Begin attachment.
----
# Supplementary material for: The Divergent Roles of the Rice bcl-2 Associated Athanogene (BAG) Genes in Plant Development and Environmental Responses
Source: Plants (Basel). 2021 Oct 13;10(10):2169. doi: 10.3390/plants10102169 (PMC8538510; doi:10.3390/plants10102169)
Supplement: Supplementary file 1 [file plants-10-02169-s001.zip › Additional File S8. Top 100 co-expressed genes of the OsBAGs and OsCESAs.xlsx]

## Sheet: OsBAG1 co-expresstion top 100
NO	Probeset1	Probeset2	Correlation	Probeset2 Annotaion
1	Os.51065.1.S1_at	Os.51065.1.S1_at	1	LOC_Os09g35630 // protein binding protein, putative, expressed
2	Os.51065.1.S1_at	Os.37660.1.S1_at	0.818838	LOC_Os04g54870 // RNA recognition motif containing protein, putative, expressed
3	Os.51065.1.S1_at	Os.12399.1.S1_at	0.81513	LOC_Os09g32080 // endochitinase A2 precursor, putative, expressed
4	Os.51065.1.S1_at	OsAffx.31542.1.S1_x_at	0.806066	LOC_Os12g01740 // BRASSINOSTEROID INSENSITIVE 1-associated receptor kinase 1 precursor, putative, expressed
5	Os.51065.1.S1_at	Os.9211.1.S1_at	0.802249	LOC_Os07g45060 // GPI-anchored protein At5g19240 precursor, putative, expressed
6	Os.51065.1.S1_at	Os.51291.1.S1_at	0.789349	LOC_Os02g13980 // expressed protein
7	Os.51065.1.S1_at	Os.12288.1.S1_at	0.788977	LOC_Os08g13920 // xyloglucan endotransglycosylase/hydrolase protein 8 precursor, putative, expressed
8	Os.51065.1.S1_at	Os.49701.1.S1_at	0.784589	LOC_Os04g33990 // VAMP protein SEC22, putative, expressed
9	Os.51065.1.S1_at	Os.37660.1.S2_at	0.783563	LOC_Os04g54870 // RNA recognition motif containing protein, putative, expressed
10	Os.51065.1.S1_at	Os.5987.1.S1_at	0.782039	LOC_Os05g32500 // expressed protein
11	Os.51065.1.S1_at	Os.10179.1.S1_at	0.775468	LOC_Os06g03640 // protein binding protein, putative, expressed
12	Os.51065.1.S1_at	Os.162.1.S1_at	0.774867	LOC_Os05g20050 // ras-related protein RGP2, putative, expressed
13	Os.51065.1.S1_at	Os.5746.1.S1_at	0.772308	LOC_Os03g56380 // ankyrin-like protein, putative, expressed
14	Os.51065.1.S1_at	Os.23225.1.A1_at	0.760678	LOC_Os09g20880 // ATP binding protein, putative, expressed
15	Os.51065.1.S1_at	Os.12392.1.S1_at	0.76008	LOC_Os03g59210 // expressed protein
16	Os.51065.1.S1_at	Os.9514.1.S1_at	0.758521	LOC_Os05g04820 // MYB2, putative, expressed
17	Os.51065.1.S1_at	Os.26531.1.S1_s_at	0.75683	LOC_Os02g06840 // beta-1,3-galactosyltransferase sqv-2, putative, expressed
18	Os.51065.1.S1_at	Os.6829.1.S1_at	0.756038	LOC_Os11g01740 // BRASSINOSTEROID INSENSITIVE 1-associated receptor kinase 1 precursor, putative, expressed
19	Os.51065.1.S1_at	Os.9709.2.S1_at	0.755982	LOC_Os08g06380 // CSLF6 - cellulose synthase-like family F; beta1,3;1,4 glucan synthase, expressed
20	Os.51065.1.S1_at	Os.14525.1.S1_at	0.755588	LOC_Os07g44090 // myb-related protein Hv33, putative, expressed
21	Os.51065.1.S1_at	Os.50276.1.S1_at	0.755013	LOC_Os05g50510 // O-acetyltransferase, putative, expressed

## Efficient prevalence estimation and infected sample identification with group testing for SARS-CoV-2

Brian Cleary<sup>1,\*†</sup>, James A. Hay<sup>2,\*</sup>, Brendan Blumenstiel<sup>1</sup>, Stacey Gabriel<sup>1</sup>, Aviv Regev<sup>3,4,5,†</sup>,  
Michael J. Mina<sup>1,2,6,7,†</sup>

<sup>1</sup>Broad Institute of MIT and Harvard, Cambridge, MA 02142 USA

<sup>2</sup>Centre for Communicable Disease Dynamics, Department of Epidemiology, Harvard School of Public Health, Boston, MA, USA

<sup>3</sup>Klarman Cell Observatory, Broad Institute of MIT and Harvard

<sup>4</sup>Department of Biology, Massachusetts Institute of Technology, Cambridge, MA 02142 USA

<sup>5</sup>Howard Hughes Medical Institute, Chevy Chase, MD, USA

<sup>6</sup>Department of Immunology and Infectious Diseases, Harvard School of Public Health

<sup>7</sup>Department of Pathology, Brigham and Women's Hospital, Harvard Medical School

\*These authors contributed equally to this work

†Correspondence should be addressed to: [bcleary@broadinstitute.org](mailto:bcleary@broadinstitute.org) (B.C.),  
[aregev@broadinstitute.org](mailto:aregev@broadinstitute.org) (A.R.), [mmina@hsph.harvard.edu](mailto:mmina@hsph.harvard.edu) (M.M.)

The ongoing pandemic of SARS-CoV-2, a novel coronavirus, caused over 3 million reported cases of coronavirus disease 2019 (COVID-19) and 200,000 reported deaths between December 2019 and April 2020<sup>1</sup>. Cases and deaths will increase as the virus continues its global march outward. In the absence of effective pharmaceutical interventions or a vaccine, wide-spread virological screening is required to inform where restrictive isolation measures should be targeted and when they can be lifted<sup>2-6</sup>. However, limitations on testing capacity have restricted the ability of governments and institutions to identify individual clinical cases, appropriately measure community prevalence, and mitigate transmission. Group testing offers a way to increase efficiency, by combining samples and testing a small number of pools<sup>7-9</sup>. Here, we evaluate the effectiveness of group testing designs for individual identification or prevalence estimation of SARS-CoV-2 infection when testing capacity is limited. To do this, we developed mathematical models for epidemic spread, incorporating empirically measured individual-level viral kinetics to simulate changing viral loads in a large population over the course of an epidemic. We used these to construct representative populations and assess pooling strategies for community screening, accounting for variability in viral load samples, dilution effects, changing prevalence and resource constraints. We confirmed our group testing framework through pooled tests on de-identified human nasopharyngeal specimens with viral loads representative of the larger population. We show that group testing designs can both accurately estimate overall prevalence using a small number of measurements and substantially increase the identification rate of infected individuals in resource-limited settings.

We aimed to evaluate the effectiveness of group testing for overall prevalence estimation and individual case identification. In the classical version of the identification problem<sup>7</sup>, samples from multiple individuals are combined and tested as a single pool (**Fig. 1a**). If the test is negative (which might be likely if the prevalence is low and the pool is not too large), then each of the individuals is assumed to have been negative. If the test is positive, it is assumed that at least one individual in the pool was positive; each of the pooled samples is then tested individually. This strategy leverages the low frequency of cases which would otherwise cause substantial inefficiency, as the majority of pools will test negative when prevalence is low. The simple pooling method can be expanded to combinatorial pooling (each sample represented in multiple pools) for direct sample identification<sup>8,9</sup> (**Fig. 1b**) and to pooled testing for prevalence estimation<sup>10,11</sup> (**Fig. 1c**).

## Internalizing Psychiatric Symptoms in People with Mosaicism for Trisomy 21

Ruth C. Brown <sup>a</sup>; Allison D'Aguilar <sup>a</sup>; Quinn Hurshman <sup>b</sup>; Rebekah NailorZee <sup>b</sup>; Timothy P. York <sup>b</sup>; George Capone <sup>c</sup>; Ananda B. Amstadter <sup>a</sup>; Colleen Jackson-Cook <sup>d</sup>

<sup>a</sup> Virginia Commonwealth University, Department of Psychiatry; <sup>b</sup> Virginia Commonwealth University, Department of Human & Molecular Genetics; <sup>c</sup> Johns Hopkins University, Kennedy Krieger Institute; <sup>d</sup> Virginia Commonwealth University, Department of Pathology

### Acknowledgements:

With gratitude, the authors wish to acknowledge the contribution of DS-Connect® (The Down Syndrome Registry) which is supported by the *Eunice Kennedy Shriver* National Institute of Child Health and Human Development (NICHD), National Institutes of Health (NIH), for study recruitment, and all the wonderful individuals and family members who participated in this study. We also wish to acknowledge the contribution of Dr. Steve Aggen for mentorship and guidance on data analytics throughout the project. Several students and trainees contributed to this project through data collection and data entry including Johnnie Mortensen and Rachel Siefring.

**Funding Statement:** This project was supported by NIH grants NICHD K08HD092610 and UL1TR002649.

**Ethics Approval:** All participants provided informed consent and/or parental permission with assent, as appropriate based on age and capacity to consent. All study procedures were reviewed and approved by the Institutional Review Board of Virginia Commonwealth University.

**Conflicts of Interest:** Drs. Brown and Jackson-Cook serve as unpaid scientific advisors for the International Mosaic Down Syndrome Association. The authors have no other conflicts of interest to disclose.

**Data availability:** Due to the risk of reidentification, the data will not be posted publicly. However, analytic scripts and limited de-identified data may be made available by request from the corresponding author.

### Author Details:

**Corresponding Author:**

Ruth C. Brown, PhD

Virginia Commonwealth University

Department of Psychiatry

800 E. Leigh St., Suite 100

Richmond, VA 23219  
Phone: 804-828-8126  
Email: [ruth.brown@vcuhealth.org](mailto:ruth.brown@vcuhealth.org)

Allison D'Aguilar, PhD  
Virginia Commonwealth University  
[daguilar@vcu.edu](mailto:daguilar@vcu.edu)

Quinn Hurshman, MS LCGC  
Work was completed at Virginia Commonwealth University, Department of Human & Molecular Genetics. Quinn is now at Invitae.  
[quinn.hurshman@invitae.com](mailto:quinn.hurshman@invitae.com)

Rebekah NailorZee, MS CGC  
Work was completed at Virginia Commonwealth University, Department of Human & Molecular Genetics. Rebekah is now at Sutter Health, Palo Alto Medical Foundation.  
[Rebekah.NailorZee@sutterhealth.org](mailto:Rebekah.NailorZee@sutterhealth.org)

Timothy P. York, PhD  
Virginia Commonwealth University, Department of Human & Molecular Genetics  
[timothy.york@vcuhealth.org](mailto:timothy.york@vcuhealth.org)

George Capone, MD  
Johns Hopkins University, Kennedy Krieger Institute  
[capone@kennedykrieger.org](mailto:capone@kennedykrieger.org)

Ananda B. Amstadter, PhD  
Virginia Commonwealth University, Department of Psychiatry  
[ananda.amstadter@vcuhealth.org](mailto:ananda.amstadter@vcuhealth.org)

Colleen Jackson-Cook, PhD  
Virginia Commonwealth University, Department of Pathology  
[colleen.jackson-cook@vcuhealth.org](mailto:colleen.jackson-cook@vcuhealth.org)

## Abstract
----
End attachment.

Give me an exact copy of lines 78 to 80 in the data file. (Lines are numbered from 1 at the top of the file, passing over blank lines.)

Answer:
Colleen Jackson-Cook, PhD  
Virginia Commonwealth University, Department of Pathology  
[colleen.jackson-cook@vcuhealth.org](mailto:colleen.jackson-cook@vcuhealth.org)